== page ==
As I suspected, the final preseason F/+ numbers – the marriage of Bill Connelly’s and Brian Fremeau’s advanced stats metrics – came out extremely favorably for Georgia, in this case, fourth. That’s quite a bit higher than the Dawgs find themselves in the AP’s preseason rankings. Bill wonders why.
Georgia (F/+ No. 4, AP No. 9)
Why the numbers like the Dawgs: Georgia is consistently good; the Dawgs have finished 14th or better in F/+ for four consecutive years and were fourth last season. They return maybe the best running back in college football (Nick Chubb), a well-seasoned offensive line, and an active, super-athletic back eight on defense. Mark Richt recruits well and wins 10 games each year when the injury bug isn’t particularly cruel. From the perspective of recent performance and returning talent, they are easily the surest bet in the SEC East.
Why the media doesn’t (as much): They dropped the ball last year, laying one of the season’s biggest eggs in a blowout loss to Florida and blowing the SEC East title (to Missouri, which the Dawgs beat by 34 points on the road) in the process. They struggled defending powerful run games last year and must now replace three linemen. And yes, they have a new quarterback.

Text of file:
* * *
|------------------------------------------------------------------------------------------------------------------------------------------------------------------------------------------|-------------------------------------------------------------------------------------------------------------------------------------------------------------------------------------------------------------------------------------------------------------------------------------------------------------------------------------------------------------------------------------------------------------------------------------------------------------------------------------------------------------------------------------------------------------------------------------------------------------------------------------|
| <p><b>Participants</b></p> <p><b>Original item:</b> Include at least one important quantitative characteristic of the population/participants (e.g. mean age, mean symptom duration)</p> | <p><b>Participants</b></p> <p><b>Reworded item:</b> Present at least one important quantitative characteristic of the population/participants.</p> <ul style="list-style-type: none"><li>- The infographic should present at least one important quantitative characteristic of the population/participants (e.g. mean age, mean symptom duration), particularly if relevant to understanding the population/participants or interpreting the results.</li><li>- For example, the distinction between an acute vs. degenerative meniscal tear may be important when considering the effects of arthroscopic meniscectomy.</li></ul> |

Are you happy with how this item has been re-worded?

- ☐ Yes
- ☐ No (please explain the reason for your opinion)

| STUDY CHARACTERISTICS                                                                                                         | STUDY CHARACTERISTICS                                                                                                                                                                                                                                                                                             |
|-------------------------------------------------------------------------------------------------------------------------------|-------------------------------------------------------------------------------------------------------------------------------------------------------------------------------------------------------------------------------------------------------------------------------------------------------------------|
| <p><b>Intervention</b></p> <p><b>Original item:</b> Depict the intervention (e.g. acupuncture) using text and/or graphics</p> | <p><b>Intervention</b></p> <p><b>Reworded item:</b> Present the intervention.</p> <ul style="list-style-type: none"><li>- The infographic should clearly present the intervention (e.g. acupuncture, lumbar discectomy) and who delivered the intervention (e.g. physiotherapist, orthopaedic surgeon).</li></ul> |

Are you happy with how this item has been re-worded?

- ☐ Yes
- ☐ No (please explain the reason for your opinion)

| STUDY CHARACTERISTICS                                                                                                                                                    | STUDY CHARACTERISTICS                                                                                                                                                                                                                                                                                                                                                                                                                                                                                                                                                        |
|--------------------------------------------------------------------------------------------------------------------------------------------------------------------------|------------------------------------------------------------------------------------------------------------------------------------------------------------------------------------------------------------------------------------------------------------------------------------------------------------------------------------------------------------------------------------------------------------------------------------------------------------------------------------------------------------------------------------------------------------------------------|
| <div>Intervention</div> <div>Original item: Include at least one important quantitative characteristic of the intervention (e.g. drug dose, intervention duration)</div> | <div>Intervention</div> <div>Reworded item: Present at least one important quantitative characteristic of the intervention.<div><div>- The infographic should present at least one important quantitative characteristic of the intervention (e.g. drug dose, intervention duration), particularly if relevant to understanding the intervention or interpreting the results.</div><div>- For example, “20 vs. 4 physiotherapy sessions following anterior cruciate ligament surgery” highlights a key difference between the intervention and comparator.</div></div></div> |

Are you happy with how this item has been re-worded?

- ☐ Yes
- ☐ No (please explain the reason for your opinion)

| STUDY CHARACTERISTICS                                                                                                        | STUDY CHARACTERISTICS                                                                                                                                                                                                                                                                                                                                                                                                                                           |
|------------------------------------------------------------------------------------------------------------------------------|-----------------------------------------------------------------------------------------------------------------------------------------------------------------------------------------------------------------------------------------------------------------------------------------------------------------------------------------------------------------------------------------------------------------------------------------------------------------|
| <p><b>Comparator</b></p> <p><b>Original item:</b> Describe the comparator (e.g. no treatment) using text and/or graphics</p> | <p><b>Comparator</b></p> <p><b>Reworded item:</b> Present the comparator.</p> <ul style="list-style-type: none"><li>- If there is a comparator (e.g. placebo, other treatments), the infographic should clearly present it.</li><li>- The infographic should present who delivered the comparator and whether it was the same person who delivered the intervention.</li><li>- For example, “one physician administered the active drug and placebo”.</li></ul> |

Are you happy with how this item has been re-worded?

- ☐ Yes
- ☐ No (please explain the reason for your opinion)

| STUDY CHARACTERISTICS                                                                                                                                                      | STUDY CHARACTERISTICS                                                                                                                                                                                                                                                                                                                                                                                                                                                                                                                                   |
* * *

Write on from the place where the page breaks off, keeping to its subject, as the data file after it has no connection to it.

One more thing: when Richt lost offensive coordinator Mike Bobo to the head coaching job at Colorado State, he replaced him with Brian Schottenheimer. When fans (in this case, those of the St. Louis Rams) lose their offensive coordinator and celebrate wildly, that’s a scary sign.
Of course, all Schottenheimer has to tell his new quarterback is, “Put the ball in Chubb’s (or his awesome backup’s) belly.”
For five of the six teams here, part of the difference between perception and projection might come because of the quarterback position. It’s interesting, and it makes sense, as simply using returning starters doesn’t give extra weight to the quarterback position.
But if everyone expects Georgia to take a heavy reliance on Chubb & Company to lighten the load on Lambert, you’d think that last point wouldn’t factor so much into perception, wouldn’t you?